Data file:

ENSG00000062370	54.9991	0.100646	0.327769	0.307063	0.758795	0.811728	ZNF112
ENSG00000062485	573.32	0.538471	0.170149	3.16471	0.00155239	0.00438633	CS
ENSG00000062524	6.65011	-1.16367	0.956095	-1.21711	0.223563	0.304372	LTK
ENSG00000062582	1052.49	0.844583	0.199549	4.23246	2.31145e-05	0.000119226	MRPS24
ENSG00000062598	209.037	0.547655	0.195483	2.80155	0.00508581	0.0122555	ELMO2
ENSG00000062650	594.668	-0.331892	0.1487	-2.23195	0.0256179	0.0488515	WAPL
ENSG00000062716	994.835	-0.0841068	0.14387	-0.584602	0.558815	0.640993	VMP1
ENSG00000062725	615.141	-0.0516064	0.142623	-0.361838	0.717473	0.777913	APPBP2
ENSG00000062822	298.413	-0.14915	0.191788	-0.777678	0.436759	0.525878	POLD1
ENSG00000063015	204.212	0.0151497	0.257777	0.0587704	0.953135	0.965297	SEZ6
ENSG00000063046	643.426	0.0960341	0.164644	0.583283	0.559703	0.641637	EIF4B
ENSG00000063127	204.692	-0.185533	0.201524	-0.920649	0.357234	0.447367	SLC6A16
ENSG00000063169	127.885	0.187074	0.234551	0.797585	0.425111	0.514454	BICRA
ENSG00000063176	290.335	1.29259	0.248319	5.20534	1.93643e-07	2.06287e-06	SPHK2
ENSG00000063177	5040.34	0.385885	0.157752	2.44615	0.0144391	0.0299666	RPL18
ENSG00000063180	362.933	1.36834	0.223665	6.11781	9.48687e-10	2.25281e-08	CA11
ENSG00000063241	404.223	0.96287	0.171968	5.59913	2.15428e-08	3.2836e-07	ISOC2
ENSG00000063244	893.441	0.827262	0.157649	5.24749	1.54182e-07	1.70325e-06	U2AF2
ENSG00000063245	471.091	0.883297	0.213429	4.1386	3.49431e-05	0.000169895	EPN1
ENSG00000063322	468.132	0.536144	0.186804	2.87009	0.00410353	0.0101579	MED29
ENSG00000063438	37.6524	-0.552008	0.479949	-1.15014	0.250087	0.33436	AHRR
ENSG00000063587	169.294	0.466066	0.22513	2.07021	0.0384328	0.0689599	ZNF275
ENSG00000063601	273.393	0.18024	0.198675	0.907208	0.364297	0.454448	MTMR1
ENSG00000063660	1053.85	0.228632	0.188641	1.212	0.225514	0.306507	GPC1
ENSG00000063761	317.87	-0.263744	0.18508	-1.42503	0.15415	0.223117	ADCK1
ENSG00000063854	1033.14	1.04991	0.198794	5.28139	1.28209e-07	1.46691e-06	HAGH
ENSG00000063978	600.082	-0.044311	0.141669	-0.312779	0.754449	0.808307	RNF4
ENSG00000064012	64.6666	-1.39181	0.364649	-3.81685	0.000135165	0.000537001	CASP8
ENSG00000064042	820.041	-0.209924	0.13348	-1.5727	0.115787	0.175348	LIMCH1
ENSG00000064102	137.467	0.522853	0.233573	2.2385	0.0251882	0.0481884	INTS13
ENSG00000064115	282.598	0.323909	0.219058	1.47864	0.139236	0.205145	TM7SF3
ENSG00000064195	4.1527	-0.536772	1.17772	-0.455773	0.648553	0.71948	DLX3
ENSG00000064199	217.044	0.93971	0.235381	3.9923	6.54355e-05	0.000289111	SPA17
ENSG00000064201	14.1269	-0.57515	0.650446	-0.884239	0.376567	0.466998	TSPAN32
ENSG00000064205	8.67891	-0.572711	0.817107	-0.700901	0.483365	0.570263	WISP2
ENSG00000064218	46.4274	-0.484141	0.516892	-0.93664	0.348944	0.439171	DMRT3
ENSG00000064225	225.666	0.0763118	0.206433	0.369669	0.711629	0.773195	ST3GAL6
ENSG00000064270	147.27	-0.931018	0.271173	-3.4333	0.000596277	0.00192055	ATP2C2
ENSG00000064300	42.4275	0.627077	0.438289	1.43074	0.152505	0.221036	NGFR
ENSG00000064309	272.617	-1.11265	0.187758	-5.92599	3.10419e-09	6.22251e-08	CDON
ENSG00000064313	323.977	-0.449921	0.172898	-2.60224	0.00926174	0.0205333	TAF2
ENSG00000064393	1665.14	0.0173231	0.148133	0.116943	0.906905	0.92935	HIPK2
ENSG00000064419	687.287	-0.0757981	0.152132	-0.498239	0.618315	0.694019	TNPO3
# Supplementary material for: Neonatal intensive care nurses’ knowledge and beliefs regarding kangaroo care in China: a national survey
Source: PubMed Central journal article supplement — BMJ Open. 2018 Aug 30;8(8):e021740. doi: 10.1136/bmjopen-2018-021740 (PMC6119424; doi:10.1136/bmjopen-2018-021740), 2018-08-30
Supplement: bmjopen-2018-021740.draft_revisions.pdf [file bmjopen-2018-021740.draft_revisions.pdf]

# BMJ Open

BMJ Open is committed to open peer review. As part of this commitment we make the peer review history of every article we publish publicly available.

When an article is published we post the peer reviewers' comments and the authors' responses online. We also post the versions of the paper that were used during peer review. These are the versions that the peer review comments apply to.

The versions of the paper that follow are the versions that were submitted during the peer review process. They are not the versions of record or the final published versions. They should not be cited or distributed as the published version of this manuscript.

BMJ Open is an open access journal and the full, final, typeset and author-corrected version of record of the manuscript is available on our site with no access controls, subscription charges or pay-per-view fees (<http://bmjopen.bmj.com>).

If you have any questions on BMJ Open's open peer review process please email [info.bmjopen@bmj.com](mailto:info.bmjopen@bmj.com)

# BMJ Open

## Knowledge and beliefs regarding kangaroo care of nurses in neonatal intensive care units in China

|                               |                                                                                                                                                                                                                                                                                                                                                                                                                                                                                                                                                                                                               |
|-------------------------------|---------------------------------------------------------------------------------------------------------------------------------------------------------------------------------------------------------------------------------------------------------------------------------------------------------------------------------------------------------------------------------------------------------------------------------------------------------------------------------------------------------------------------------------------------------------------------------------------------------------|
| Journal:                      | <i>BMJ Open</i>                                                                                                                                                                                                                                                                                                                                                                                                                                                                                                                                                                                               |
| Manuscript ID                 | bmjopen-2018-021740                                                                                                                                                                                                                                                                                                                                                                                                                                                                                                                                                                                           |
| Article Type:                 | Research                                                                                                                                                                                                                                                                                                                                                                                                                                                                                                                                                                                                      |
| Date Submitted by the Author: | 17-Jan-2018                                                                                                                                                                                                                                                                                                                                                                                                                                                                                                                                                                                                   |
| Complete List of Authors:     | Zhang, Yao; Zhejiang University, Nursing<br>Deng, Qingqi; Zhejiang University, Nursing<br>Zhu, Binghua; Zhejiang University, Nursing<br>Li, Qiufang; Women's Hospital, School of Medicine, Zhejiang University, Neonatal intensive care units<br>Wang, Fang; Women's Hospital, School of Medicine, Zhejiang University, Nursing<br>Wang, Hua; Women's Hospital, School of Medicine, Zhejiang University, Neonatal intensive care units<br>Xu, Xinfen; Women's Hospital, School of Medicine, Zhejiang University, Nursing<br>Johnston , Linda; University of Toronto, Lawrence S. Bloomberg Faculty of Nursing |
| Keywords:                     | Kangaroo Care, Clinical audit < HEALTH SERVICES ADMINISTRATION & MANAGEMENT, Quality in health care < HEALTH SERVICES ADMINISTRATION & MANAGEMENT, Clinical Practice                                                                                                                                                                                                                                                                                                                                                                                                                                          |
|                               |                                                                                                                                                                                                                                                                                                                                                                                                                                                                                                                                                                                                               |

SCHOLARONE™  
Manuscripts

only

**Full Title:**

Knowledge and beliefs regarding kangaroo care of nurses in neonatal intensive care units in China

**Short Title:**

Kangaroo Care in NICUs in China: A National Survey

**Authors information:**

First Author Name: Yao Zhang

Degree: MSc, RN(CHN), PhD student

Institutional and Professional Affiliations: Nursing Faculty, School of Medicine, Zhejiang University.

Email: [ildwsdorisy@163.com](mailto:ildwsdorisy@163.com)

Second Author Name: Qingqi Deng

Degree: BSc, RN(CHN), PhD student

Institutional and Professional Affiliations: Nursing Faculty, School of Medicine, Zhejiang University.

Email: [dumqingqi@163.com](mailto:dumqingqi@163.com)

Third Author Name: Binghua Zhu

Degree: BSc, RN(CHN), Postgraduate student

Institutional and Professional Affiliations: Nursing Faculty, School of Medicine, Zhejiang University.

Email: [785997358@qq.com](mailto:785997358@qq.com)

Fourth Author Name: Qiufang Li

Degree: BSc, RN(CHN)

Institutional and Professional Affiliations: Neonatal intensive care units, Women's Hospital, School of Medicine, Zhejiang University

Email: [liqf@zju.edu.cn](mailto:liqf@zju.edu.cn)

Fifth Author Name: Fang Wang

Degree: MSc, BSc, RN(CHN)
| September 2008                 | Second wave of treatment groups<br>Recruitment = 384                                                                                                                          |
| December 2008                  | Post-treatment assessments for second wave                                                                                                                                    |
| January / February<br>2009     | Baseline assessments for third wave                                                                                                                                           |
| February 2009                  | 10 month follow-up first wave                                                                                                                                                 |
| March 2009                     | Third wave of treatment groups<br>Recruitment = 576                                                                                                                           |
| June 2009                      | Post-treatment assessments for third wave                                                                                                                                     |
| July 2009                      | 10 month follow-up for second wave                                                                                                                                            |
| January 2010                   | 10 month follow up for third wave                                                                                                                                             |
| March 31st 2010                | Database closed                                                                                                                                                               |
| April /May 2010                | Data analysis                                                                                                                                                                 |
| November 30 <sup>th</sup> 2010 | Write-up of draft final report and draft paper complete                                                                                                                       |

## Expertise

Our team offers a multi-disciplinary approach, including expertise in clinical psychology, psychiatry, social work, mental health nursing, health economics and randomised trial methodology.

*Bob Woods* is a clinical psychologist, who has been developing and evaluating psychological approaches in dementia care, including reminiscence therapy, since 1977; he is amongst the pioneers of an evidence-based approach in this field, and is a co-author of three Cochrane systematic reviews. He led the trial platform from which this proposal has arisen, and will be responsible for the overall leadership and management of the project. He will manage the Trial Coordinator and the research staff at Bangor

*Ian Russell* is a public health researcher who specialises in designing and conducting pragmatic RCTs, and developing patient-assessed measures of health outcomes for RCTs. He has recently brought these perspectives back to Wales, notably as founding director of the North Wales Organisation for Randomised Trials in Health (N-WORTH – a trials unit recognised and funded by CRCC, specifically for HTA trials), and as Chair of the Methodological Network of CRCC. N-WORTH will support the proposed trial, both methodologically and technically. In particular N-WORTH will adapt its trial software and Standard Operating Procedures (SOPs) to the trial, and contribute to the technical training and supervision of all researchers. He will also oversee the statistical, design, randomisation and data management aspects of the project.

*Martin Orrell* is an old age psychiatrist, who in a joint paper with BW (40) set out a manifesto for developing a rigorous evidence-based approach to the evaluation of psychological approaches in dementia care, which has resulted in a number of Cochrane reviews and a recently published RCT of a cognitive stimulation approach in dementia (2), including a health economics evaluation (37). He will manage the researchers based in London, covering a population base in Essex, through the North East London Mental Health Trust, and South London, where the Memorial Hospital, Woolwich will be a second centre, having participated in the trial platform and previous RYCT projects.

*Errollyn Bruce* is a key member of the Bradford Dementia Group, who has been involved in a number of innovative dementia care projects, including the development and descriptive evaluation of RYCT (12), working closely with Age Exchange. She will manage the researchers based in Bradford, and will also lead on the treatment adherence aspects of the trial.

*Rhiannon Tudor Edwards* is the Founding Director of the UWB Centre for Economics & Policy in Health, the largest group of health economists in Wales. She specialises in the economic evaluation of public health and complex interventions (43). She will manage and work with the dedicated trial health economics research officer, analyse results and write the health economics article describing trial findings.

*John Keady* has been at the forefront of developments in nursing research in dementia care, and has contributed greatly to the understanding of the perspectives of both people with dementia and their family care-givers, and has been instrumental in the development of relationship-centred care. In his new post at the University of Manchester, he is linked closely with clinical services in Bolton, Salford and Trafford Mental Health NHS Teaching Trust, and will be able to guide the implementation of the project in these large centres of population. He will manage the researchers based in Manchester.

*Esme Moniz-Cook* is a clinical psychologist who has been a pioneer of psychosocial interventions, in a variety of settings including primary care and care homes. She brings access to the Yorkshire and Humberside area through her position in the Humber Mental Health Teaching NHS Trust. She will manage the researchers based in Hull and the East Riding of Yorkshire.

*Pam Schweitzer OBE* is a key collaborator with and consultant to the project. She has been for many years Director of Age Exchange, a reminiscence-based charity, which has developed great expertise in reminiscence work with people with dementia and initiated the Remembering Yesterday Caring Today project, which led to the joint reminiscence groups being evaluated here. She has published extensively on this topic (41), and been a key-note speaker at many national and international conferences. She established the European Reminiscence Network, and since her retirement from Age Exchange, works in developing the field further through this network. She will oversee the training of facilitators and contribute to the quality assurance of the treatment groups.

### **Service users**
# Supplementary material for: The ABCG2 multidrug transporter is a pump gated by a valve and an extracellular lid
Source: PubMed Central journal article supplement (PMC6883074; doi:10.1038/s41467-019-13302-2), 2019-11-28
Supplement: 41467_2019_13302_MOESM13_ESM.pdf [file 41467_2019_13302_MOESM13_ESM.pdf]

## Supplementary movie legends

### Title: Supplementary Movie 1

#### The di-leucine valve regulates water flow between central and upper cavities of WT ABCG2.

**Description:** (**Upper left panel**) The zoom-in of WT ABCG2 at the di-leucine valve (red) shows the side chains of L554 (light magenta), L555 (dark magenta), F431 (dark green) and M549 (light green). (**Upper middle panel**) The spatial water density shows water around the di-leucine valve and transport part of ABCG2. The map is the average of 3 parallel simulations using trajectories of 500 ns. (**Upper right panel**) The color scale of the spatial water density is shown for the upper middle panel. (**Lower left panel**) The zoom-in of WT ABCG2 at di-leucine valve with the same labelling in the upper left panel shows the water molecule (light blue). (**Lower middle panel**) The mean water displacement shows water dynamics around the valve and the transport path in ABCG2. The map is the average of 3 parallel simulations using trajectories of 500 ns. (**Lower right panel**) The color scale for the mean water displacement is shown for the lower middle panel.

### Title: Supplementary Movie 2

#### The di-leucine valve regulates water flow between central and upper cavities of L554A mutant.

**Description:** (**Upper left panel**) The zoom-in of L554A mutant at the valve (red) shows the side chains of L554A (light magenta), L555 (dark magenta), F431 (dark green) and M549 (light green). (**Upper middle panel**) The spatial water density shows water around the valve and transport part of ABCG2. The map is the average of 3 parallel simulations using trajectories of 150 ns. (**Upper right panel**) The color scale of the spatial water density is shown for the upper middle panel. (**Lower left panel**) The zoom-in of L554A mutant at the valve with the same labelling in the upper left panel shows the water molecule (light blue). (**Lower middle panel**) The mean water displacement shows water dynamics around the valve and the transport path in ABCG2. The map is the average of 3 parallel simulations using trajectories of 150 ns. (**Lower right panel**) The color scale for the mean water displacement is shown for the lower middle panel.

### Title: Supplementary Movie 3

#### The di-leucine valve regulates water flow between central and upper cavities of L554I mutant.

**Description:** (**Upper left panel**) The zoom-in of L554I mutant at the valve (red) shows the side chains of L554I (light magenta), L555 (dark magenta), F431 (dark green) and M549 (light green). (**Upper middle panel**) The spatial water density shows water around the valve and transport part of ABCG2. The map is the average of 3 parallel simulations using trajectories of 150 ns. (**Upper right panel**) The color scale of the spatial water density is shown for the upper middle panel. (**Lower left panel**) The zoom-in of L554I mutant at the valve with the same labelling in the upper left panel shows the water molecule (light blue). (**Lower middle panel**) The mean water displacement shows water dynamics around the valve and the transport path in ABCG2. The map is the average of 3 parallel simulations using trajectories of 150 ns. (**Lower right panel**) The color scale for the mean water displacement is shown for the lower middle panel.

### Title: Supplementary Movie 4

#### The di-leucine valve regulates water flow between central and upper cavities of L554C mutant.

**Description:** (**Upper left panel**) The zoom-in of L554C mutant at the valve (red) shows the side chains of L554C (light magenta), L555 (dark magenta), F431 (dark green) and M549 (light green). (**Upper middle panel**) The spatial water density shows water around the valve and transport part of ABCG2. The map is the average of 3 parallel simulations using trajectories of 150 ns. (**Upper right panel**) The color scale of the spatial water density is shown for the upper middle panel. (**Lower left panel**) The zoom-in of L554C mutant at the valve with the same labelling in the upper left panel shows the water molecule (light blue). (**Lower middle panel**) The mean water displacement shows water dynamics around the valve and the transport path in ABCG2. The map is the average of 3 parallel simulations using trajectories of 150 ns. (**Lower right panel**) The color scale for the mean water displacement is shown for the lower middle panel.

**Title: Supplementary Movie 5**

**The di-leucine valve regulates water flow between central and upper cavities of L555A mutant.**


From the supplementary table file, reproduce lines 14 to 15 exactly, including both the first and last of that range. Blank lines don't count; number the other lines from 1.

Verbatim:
ENSG00000063176	290.335	1.29259	0.248319	5.20534	1.93643e-07	2.06287e-06	SPHK2
ENSG00000063177	5040.34	0.385885	0.157752	2.44615	0.0144391	0.0299666	RPL18